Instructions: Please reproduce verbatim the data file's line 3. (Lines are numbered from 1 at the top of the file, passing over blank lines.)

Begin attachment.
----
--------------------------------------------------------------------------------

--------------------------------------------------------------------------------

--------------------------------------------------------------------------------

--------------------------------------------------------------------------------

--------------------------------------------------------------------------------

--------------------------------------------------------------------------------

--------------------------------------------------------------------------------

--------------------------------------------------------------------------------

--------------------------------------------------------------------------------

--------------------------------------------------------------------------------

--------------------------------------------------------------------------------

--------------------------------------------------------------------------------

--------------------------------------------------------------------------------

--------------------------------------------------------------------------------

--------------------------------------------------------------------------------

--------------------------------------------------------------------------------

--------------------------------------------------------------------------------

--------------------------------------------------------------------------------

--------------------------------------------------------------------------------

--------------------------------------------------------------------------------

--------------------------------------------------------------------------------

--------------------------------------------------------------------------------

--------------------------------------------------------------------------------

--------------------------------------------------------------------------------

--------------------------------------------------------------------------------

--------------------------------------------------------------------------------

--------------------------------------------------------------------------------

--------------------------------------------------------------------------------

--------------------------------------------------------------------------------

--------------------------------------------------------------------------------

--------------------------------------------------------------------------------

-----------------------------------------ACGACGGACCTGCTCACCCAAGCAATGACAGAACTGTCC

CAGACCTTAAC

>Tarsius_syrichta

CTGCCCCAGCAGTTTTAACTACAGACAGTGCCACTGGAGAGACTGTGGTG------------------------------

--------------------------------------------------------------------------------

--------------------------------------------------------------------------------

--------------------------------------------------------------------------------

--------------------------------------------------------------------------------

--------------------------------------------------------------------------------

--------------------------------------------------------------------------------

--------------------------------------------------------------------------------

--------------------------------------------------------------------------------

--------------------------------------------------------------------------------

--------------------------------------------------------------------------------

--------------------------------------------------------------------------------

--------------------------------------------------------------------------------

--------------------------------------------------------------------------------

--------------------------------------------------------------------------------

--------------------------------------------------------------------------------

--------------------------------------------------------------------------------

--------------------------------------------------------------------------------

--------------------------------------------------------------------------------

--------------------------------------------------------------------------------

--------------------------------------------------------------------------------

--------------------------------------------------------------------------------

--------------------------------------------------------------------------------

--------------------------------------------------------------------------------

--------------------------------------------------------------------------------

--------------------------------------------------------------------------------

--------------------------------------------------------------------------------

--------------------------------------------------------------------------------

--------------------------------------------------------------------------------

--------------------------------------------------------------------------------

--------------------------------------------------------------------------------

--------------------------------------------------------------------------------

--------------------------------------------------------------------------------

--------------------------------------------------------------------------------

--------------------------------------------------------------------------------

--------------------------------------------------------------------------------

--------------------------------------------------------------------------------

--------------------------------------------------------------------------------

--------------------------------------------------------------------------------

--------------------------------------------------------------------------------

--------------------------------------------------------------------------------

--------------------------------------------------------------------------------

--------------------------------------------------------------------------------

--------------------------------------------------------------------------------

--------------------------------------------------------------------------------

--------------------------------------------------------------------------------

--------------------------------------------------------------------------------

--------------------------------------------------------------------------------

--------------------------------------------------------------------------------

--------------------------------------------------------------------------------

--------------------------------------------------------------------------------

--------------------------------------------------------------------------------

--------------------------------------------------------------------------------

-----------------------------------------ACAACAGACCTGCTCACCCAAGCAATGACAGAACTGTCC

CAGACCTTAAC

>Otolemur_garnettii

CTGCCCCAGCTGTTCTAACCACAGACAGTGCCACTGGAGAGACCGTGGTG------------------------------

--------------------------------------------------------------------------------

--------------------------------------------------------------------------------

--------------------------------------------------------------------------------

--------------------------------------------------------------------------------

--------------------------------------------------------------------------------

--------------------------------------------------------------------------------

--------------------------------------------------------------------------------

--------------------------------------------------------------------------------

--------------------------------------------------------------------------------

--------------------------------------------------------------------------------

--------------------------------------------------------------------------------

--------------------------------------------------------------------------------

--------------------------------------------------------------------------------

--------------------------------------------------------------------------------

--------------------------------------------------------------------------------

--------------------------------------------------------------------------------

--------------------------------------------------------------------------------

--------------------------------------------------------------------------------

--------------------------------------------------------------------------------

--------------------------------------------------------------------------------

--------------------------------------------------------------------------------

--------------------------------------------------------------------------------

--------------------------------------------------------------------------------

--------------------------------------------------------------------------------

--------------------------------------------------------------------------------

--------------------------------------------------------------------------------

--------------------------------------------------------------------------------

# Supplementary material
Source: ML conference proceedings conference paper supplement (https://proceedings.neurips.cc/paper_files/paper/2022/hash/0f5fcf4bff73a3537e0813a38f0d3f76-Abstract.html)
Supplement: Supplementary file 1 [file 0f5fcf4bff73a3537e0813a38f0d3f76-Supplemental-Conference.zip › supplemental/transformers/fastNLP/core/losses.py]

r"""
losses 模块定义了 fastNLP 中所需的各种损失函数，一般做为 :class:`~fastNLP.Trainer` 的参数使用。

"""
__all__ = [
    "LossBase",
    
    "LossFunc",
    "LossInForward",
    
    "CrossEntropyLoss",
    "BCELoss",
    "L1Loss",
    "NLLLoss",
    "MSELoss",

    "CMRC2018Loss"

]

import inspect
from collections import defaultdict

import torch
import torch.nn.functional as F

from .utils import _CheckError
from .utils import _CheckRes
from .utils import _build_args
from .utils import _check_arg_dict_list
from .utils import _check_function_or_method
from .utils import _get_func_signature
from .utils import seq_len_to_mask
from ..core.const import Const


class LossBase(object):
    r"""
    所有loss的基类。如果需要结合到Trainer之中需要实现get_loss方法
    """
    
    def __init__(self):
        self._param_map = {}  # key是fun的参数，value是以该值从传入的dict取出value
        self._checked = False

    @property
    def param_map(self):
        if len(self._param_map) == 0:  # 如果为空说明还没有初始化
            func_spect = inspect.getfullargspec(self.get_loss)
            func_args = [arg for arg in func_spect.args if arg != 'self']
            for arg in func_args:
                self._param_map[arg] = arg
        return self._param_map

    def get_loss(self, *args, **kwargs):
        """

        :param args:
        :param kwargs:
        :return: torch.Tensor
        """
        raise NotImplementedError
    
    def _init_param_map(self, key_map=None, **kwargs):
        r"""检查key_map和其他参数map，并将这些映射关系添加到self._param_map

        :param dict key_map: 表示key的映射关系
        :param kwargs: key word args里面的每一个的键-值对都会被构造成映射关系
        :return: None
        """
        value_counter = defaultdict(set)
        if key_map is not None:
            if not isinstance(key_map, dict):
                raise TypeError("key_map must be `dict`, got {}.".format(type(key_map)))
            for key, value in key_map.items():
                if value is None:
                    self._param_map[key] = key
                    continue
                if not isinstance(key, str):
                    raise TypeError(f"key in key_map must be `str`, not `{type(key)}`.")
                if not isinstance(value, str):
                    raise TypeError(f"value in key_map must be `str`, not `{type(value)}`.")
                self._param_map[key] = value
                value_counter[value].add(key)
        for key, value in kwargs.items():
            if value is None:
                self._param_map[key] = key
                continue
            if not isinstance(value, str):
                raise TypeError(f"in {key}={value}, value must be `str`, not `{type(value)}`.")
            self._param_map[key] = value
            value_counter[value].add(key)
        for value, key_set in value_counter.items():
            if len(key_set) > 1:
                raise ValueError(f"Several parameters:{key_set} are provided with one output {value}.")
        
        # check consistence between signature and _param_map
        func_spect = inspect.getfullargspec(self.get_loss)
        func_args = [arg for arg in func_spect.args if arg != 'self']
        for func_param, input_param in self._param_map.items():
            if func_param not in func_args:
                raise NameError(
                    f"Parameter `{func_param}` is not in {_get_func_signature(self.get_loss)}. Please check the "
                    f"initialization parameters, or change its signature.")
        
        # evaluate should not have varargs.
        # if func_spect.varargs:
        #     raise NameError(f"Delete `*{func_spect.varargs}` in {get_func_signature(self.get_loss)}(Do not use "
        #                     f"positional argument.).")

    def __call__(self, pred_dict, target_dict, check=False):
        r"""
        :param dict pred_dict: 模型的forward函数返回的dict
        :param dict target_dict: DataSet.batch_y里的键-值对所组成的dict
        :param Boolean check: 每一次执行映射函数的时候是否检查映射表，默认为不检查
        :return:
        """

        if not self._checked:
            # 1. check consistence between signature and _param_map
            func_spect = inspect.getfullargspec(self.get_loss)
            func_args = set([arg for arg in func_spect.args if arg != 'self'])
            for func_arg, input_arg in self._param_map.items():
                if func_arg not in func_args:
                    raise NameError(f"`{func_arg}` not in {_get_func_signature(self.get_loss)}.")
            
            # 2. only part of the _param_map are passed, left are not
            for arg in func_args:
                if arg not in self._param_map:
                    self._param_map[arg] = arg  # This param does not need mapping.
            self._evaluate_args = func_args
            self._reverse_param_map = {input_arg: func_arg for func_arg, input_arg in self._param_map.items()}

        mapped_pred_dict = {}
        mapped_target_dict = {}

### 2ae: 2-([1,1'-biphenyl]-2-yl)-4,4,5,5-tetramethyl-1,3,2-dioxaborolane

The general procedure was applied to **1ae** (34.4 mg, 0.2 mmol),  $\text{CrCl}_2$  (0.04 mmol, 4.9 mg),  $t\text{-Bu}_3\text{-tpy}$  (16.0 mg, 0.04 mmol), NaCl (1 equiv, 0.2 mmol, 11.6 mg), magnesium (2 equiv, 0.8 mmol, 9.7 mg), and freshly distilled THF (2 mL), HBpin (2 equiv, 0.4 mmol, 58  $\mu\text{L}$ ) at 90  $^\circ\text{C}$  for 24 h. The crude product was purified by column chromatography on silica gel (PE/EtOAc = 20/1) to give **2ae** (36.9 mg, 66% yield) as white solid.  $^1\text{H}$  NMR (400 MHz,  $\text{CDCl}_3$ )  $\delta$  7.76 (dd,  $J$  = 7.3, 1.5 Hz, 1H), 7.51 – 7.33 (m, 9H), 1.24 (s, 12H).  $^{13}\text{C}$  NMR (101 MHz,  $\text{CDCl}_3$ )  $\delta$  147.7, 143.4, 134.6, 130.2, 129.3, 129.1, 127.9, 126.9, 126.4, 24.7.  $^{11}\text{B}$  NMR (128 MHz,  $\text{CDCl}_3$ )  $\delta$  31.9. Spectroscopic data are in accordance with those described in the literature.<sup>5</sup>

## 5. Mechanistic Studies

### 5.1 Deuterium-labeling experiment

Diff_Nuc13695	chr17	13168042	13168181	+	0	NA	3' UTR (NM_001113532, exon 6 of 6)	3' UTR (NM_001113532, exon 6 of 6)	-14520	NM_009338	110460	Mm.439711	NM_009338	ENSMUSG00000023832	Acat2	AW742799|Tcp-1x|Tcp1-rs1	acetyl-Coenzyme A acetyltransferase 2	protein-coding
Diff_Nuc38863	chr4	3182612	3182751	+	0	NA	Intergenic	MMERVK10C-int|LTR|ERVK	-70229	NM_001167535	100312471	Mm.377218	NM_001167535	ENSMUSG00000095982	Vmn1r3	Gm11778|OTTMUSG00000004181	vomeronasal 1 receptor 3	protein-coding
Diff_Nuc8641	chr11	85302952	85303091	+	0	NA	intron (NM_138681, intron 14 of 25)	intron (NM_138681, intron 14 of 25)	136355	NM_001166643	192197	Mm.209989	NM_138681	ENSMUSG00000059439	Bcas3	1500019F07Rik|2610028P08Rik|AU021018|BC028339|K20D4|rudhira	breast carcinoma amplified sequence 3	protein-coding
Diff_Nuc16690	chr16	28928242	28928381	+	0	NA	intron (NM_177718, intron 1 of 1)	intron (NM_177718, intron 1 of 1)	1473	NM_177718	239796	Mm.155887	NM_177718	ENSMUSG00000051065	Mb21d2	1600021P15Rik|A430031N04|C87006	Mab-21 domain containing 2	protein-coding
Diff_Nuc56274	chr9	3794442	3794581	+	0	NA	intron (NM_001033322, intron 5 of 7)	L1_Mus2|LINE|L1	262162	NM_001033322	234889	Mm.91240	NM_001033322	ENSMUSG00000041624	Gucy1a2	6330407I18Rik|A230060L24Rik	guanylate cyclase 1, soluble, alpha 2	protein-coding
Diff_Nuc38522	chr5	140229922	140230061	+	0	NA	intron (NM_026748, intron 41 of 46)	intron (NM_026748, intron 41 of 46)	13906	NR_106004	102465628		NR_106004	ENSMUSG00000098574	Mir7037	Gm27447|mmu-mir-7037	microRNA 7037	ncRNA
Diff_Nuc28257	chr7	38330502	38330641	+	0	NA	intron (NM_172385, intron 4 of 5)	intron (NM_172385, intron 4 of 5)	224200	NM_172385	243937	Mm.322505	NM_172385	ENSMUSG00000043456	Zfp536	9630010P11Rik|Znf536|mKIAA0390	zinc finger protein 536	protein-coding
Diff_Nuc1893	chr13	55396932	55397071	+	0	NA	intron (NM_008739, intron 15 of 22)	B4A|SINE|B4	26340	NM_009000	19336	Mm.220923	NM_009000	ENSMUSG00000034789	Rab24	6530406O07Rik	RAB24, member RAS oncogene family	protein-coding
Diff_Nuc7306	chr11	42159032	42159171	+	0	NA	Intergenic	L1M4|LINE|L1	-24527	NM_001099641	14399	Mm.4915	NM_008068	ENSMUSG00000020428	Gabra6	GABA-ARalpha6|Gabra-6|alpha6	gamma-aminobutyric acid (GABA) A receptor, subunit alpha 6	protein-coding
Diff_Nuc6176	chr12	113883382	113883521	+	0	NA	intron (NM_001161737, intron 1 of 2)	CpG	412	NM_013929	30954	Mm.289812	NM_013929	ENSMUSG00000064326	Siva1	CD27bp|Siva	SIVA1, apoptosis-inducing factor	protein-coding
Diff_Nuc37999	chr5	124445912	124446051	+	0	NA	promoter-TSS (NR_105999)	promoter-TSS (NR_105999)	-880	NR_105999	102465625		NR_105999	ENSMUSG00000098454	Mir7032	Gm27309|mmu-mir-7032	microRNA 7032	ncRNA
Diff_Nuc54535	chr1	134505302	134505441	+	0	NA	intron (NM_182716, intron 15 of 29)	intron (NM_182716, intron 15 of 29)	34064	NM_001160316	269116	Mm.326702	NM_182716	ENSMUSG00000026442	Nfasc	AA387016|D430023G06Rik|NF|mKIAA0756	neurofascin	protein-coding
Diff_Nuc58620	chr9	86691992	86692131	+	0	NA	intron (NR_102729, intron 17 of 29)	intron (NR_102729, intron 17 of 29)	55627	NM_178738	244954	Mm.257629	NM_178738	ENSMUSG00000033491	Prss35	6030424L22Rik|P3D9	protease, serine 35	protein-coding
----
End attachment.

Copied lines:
--------------------------------------------------------------------------------